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Pause on leaseholders paying to make cladding safe after Grenfell fire, Gove confirms

Michael Gove has confirmed the government will “pause” plans to make leaseholders pay to make cladding safe as he questioned why they have to pay “at all”.

The housing secretary also said the government “failed people at Grenfell”, in reference to the fatal 2017 west London fire, and did not always appreciate the importance of fire safety.

It was Mr Gove’s first appearance at the Housing, Communities and Local Government Committee since taking over the housing brief in September’s reshuffle.

Communities Secretary Michael Gove arriving to give his keynote address during the Conservative Party Conference in Manchester. Picture date: Monday October 4, 2021.
Image: House Secretary Michael Gove said the government ‘failed people at Grenfell’

Asked who should pay for the work required to make buildings with cladding safe, Mr Gove confirmed he would “pause” plans that mean leaseholders have to take out loans to pay for remediation work.

“We have a responsibility to relieve some of the obligations faced by leaseholders at the moment, who are innocent parties in this and who are being in many cases asked to pay disproportionate sums when there are individuals in business – some still in business – who are guilty men and women,” he said.

“I’m still unhappy with the principle of leaseholders having to pay at all, no matter how effective a scheme might be in capping their costs or not hitting them too hard at any one time. My question is why do they have to pay at all?”

Mr Gove added that it was his intention to provide support for dealing with other fire safety issues, which can often be even more expensive than replacing unsafe cladding.

More on Grenfell Tower

The housing secretary’s predecessor, Robert Jenrick, earlier this year authorised a £3.5 billion fund to remove unsafe cladding from buildings over 18 metres.

But leaseholders of buildings between 11 and 18 metres were only offered a loan scheme that Mr Jenrick said would mean they did not have to pay more than £50 a month for unsafe cladding removal.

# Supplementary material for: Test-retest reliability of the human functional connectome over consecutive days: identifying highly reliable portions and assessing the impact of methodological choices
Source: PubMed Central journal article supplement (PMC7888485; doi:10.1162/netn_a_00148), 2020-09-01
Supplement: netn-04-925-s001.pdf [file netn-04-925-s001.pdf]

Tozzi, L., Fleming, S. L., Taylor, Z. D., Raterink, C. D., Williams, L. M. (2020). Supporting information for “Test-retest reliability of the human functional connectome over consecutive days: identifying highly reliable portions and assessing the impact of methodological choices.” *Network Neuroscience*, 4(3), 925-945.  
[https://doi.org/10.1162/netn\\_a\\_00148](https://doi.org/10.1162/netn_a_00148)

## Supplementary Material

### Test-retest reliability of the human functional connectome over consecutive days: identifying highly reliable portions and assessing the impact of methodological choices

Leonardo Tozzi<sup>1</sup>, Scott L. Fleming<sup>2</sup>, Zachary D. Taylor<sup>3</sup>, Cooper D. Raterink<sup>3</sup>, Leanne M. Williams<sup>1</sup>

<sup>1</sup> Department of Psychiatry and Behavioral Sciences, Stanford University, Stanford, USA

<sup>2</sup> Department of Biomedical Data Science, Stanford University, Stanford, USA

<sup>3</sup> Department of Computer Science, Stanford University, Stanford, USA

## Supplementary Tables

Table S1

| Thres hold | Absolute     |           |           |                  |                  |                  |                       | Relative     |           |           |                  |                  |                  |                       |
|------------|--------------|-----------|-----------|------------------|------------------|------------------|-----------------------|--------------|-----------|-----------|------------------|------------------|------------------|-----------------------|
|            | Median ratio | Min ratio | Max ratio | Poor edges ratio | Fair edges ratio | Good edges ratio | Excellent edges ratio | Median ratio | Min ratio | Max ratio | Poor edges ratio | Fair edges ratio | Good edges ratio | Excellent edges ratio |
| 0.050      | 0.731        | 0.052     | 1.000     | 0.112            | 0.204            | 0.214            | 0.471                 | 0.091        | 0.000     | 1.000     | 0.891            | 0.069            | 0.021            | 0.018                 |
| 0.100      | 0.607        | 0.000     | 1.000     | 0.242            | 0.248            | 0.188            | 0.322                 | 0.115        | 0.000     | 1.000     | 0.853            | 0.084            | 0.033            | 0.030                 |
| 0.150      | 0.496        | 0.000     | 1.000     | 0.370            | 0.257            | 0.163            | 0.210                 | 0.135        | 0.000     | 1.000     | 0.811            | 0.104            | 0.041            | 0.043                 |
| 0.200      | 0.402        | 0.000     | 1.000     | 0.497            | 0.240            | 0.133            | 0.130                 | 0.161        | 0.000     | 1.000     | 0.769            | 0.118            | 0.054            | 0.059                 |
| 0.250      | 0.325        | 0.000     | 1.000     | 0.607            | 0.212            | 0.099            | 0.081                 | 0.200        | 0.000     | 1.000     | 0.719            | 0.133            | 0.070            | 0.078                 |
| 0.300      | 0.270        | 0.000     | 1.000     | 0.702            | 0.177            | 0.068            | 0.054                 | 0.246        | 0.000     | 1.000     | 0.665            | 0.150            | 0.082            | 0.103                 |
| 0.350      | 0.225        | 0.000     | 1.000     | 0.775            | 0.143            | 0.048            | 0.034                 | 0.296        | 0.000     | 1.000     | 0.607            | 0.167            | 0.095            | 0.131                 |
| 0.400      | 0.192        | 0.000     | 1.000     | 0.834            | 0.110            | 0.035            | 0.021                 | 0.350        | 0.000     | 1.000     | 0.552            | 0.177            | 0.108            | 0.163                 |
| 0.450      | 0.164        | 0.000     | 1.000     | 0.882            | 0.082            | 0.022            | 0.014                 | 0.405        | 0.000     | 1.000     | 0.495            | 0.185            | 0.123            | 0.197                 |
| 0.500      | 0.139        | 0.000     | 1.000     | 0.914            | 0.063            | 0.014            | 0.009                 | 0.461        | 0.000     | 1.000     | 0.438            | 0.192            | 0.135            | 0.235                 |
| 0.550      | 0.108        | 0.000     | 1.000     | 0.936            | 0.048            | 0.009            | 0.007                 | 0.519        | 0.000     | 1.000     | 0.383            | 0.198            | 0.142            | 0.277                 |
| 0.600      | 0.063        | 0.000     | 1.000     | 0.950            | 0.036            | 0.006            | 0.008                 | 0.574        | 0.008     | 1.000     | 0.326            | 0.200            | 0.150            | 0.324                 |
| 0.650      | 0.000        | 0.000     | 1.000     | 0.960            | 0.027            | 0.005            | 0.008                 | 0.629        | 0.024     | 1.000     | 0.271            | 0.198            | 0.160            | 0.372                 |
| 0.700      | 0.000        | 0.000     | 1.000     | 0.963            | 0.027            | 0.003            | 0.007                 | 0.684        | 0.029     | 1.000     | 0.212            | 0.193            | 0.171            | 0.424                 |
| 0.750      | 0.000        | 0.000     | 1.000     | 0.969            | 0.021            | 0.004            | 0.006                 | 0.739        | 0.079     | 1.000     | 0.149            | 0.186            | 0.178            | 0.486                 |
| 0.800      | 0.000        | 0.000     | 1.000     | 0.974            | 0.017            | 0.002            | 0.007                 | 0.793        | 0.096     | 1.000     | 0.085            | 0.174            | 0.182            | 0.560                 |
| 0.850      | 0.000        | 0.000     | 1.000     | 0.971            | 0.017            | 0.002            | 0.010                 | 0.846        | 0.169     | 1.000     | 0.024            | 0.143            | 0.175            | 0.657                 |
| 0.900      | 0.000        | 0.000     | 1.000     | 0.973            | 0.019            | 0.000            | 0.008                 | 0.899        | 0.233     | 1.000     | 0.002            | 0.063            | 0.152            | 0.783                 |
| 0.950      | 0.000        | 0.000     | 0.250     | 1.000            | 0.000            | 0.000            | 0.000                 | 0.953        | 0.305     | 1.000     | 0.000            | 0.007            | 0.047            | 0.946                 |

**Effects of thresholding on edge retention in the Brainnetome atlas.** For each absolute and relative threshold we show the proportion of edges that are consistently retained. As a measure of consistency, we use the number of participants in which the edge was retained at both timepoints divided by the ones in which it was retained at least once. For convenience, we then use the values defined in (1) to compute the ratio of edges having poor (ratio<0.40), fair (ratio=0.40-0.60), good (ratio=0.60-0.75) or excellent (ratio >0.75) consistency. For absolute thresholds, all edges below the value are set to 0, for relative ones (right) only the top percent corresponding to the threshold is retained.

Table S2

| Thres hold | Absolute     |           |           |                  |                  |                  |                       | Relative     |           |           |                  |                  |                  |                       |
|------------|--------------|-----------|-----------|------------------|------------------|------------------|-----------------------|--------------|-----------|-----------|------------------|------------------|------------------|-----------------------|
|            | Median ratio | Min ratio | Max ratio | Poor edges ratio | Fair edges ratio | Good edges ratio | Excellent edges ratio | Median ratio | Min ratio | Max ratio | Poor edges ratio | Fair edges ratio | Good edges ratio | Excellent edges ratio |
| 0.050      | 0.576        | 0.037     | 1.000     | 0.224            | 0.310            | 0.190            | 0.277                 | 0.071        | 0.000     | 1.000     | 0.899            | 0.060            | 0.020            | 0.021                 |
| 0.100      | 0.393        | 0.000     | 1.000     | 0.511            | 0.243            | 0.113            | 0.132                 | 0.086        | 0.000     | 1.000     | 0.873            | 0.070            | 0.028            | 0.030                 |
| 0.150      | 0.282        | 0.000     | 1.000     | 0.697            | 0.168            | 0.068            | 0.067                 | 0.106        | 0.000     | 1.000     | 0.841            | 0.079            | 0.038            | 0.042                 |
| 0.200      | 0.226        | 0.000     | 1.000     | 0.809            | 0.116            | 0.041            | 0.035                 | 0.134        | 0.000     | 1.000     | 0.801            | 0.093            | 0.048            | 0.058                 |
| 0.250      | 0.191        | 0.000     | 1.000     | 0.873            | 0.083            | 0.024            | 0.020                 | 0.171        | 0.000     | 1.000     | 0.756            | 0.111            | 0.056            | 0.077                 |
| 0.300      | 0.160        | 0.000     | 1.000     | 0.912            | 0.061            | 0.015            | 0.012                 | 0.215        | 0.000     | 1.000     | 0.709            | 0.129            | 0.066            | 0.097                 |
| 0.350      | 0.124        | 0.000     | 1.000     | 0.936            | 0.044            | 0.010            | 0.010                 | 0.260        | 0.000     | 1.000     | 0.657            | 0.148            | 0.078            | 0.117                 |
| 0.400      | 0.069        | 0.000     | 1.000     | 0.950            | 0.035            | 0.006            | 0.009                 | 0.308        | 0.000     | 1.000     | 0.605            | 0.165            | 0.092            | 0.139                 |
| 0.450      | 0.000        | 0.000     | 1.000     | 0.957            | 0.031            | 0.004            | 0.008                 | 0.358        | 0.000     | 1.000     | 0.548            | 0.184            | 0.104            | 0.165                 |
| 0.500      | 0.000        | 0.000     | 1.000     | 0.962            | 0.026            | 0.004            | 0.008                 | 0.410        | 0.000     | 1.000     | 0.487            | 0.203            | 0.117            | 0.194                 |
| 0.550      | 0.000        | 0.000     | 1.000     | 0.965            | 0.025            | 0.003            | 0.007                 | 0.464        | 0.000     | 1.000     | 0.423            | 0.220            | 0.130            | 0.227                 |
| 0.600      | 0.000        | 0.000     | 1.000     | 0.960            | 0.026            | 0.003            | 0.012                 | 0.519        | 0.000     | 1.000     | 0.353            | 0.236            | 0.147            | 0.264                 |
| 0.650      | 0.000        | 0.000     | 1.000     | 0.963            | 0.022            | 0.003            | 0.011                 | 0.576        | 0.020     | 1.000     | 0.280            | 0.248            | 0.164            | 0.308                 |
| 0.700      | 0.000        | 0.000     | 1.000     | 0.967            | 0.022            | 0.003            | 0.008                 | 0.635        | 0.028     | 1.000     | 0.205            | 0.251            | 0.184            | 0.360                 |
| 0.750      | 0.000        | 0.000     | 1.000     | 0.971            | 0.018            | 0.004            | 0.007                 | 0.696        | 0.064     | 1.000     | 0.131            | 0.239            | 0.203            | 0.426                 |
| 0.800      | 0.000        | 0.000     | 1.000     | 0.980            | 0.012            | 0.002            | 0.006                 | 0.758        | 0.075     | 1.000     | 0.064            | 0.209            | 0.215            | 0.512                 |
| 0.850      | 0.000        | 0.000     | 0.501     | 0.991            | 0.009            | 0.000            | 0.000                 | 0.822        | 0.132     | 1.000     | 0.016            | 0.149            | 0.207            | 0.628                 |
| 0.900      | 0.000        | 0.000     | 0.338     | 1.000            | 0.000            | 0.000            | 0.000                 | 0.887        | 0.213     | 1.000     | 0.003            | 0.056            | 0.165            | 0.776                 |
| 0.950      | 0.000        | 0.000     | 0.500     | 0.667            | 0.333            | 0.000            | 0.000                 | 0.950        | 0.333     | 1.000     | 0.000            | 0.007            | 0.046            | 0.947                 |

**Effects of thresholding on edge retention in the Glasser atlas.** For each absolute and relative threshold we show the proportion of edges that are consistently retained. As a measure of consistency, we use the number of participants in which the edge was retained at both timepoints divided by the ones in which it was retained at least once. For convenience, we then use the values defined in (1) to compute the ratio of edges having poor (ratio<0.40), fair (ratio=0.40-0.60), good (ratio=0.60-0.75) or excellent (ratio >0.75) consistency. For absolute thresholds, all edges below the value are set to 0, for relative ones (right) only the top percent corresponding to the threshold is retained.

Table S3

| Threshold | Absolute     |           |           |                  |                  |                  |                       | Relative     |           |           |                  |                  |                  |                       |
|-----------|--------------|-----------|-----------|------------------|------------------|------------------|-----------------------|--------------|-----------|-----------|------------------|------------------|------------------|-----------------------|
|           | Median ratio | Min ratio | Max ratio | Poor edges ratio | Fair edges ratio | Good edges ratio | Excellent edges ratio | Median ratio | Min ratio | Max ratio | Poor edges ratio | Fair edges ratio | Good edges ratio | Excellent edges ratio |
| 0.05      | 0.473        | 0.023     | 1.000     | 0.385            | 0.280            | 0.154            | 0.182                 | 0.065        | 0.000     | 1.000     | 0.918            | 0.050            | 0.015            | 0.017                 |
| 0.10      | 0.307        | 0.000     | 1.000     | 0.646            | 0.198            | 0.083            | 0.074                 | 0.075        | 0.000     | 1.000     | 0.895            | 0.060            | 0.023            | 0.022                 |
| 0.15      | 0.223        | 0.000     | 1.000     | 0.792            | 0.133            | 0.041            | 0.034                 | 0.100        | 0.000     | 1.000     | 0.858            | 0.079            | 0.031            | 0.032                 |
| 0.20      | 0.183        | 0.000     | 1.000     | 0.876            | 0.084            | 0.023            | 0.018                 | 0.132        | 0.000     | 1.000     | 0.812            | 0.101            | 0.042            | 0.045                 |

Residents of the eight-storey Hemisphere Apartments in Birmingham have been in limbo for 18 months due to fire risk concerns
Image: Leaseholders are having to pay for cladding to be made safe

Many Tory backbenchers at the time were infuriated by the decision, saying it is not fair to make leaseholders foot the bill, with some already facing financial ruin due to the costs.

Mr Jenrick defended the scheme, saying the risk of a fatal fire “is four times higher in a building over 18 metres”.

But his successor has taken a different stance, with Mr Gove adding: “We collectively – the department, some in local government, others in the private sector – failed people at Grenfell and there are people who were and still are in buildings where there is a significant risk.”

People attend a commemoration to mark the third anniversary of the Grenfell Tower fire in London.
Image: Michael Gove questioned why leaseholders should have to pay anything to make cladding safe following the disaster

As the Grenfell Inquiry turns its attention to the government’s role in the disaster, Mr Gove said his department “will be seen to have, on a couple of occasions, not necessarily appreciated the importance of fire safety and not necessarily done everything in the wake of the Lakanal House tragedy that it should have done”.

The 2009 fire at Lakanal House in Camberwell, southeast London, resulted in six deaths and at least 10 injuries.

The first report from the Grenfell Inquiry, currently being conducted by retired judge Sir Marton Moore-Bick, found lessons from Lakanal had not been learned by the time of the Grenfell disaster eight years later.

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Grenfell cladding manufacturer vandalised

Mr Gove also hit out at developers who built the blocks caught up in the building safety crisis, saying: “The sheriff or sheriffs might not have been on the ball, but the cowboys were behaving like cowboys in an unregulated way.

“It would seem to me that developers and construction product manufacturers, if they say that they are squeaky clean, they’re wrong.

“What we have seen so far from the inquiry, it would seem to me that at the very least developers have to ask whether or not they were engaging in, quotes, ‘value engineering’, in other words seeking to reduce costs in a way which not just with the benefit of hindsight but at the time people would have known was putting cost reduction ahead of safety.”